The salmon returning in 2023 to the Sacramento River Basin were likely influenced by relatively poor outmigration conditions in 2021, when the majority of the returning fish originally outmigrated to the ocean. Outmigration occurred during a second consecutive year of extreme drought in California, which is known to cause poor survival due to the impacts of low flows and high temperatures. Even so, while survival in the San Joaquin River (SJR) Basin is generally much lower than in the Sacramento River Basin, returns to the SJR Basin increased by 262% over the prior year, with a total estimated escapement of 29,425 salmon or 19% of the Central Valley total. The majority of these fish returned to the Mokelumne River, which received roughly 73% of all natural area spawners, followed by the Merced (10%), Stanislaus (6%), Tuolumne (6%), and Calaveras and Cosumnes rivers (combined total of 5%). The SJR Basin has historically constituted less than 10% of the total Central Valley escapement, but since 2015, its contribution has exceeded 10% every year, with an average contribution of 14%.

Fishing poles on a pier.

A total of 21,572 fall-run Chinook salmon returned to natural areas of the SJR basin, with the majority of those salmon returning to the Mokelumne and Merced river hatcheries (7,853 salmon combined). Similar to the Sacramento Basin, it is likely that hatchery-origin fish also comprise a large percentage of the natural area spawners in this system. It is not clear why the proportion of escapement has been relatively high in the SJR Basin over the past few years, but may be partially attributed to increased trucking and release of hatchery smolts at off-site locations during the drought leading to increased straying of returning adults from other basins. For example, the Mokelumne River made headlines in 2023 for high numbers of returning salmon, but this basin is home to one of the few hatcheries that has consistently trucked the majority of their fish production directly to the San Francisco Bay, thereby improving juvenile survival and boosting the number of returning adults to the Mokelumne River and other nearby basins.

In 2023, no salmon were landed in California for the first time since 2009 due to a closure of the commercial and recreational fisheries. As a result of the closure, the highest landings by weight were recorded at ports in Washington. Over the previous four years (2019-2022), between 79-85% of the Pacific Coast commercial Chinook landings by weight were landed in the three southernmost California port areas – Fort Bragg, San Francisco, and Monterey (Figure 4). Prior to 2019, the average annual share landed in these three ports was approximately 40%, with San Francisco producing approximately 25% of the total coastwide landings. Data from the prior year suggests the fishery closure resulted in a loss of over $17 million in revenue for the California commercial fishery. In comparison, the 1979-1990 inflation-adjusted average of landings revenue from the commercial fishery – which at the time included coho salmon (O. kisutch) landings – was $40.5 million.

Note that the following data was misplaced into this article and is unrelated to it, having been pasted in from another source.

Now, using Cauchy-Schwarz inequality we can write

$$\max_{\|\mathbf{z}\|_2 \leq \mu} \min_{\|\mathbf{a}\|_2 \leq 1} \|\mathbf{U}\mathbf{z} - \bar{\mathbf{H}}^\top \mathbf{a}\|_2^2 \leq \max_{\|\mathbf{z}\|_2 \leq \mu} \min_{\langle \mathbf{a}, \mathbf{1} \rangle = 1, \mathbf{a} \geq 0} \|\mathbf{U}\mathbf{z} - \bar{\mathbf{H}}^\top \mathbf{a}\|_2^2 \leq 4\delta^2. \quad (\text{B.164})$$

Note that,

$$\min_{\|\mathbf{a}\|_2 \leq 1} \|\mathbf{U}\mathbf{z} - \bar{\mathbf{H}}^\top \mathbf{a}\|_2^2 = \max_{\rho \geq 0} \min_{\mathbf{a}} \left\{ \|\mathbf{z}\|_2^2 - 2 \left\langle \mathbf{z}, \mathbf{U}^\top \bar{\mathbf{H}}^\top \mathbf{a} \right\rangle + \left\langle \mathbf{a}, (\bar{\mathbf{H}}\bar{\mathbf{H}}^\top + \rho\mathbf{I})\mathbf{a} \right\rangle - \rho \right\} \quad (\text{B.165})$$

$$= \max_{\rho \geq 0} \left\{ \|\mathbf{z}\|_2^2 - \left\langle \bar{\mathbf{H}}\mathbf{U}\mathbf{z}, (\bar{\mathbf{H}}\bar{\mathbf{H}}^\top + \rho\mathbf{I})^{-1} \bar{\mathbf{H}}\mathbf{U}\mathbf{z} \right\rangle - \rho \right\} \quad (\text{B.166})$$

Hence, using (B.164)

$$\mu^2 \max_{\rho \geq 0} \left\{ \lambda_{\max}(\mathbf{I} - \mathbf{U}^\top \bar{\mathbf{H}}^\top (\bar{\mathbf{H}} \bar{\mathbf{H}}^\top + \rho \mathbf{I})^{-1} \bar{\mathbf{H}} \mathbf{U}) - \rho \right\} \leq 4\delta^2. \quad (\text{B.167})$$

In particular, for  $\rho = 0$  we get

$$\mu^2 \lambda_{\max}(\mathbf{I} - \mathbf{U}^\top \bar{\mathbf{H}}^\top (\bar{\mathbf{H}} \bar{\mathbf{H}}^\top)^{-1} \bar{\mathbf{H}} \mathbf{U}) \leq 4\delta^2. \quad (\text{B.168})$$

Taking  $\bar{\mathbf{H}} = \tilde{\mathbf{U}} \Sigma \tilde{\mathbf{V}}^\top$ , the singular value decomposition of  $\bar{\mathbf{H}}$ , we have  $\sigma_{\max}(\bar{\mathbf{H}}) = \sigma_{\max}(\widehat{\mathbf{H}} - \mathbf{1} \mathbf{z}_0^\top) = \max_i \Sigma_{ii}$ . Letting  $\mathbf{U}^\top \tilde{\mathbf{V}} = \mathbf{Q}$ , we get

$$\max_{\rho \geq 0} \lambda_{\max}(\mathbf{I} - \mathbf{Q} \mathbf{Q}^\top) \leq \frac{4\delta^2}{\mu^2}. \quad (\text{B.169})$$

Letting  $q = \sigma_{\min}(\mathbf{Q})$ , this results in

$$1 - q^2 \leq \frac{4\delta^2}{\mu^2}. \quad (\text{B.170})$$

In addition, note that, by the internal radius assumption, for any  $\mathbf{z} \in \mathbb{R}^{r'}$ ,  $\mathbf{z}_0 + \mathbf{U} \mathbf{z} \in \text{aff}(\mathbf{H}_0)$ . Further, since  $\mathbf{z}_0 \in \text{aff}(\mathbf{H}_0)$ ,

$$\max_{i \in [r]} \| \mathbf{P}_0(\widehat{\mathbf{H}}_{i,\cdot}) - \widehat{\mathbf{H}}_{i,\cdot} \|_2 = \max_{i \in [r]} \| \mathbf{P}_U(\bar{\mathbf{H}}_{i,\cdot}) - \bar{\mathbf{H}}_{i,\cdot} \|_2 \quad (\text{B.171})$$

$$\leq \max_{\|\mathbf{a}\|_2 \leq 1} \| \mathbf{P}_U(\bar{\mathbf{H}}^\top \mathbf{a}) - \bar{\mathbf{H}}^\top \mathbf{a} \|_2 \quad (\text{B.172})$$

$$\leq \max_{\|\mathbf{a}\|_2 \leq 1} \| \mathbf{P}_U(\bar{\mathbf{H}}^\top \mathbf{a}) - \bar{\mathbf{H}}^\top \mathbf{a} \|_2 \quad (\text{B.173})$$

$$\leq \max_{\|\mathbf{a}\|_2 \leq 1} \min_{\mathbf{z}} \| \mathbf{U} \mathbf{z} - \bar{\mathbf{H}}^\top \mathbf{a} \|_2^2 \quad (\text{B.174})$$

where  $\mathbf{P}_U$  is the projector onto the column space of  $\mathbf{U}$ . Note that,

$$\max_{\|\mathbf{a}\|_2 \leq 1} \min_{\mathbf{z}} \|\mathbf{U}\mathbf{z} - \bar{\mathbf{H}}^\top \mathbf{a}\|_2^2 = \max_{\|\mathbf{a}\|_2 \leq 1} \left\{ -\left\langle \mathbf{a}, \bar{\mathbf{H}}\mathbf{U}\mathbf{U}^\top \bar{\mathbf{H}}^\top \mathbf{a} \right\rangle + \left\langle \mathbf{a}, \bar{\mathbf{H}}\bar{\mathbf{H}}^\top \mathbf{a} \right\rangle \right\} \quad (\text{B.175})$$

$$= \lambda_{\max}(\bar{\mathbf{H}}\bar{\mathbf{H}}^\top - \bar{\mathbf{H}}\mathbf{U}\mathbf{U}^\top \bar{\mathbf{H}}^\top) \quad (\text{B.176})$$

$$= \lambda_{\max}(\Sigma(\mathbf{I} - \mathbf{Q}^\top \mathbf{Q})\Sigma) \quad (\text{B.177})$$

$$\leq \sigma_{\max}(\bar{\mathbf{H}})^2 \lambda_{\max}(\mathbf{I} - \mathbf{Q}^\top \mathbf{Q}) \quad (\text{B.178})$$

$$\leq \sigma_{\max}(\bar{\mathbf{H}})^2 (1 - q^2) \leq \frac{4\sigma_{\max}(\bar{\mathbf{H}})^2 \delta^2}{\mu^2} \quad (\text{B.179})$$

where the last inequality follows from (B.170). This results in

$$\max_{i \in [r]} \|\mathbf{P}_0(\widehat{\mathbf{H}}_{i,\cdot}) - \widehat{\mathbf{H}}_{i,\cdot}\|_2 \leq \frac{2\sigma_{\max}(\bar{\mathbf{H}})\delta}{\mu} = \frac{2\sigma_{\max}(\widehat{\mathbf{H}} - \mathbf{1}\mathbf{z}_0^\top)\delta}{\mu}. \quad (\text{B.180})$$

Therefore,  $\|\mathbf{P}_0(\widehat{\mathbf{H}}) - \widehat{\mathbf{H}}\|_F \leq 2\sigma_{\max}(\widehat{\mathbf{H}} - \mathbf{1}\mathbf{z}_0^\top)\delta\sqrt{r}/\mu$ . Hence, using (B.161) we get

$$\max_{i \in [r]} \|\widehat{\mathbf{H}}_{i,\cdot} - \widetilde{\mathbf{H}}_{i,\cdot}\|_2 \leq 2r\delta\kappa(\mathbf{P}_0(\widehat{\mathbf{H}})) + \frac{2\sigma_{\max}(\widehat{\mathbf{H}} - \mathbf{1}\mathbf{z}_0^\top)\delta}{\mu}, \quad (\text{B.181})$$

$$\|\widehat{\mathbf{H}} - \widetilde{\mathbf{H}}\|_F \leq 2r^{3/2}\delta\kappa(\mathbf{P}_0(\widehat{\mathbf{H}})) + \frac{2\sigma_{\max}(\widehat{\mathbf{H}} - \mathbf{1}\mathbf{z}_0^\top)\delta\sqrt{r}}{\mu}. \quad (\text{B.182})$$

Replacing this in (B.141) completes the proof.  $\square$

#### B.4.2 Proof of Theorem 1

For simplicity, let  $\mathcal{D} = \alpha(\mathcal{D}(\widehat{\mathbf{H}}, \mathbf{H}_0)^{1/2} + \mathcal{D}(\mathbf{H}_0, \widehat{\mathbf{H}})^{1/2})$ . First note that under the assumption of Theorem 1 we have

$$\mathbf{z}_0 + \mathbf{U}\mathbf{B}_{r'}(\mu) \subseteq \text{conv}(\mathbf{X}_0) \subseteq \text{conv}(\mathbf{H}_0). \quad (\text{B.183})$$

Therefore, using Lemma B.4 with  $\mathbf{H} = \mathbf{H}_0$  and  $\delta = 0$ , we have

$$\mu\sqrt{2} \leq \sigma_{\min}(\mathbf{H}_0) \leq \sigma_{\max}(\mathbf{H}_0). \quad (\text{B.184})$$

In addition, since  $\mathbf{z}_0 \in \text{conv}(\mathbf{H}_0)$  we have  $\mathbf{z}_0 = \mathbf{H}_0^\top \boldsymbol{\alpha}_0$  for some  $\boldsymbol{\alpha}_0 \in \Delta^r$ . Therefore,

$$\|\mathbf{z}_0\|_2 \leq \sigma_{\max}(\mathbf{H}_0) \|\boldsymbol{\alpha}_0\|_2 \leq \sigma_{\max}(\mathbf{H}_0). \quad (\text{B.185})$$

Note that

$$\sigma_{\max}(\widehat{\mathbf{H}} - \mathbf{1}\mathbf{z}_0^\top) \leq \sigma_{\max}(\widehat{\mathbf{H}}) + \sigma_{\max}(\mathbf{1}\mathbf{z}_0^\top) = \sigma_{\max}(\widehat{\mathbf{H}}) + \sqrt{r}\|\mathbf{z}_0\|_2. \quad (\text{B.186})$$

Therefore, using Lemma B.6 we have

Figure 3. Pounds of salmon landed by the commercial troll ocean fishery by state 2006-2023. Source: PFMC Preseason Report I: Stock Abundance Analysis and Environmental Assessment Part 1 for 2024 Ocean Salmon Fishery Regulations.

Unfortunately, anglers and commercial fishers received unwelcome news from PFMC this year, with reduced forecasts leading to the second multi-year fishery closure in California’s history, with the previous closure occurring in 2008-2009. If preseason forecasts are correct, there will be an estimated 213,622 Sacramento River fall-run Chinook salmon in the ocean this year. This forecast is a 26% increase from last year’s projection, but still 37% lower than the previous five-year average of 338,000. In what has become an all too familiar refrain in recent years, California will be facing dire economic and ecological impacts from a closed fishery and reduced returns to Central Valley rivers. Fortunately, it is expected that recreational and commercial fisheries closures will have a positive effect on stock numbers by preventing overexploitation of vulnerable stocks and fish returning in 2025 should benefit from better conditions experienced during their outmigration. With two years of high flows and closed fisheries allowing salmon a chance to recover, there’s reason to be optimistic about the fishery in the years to come.

Header Image: A Chinook salmon.

This post was featured in our weekly e-newsletter, the Fish Report. You can subscribe to the Fish Report here.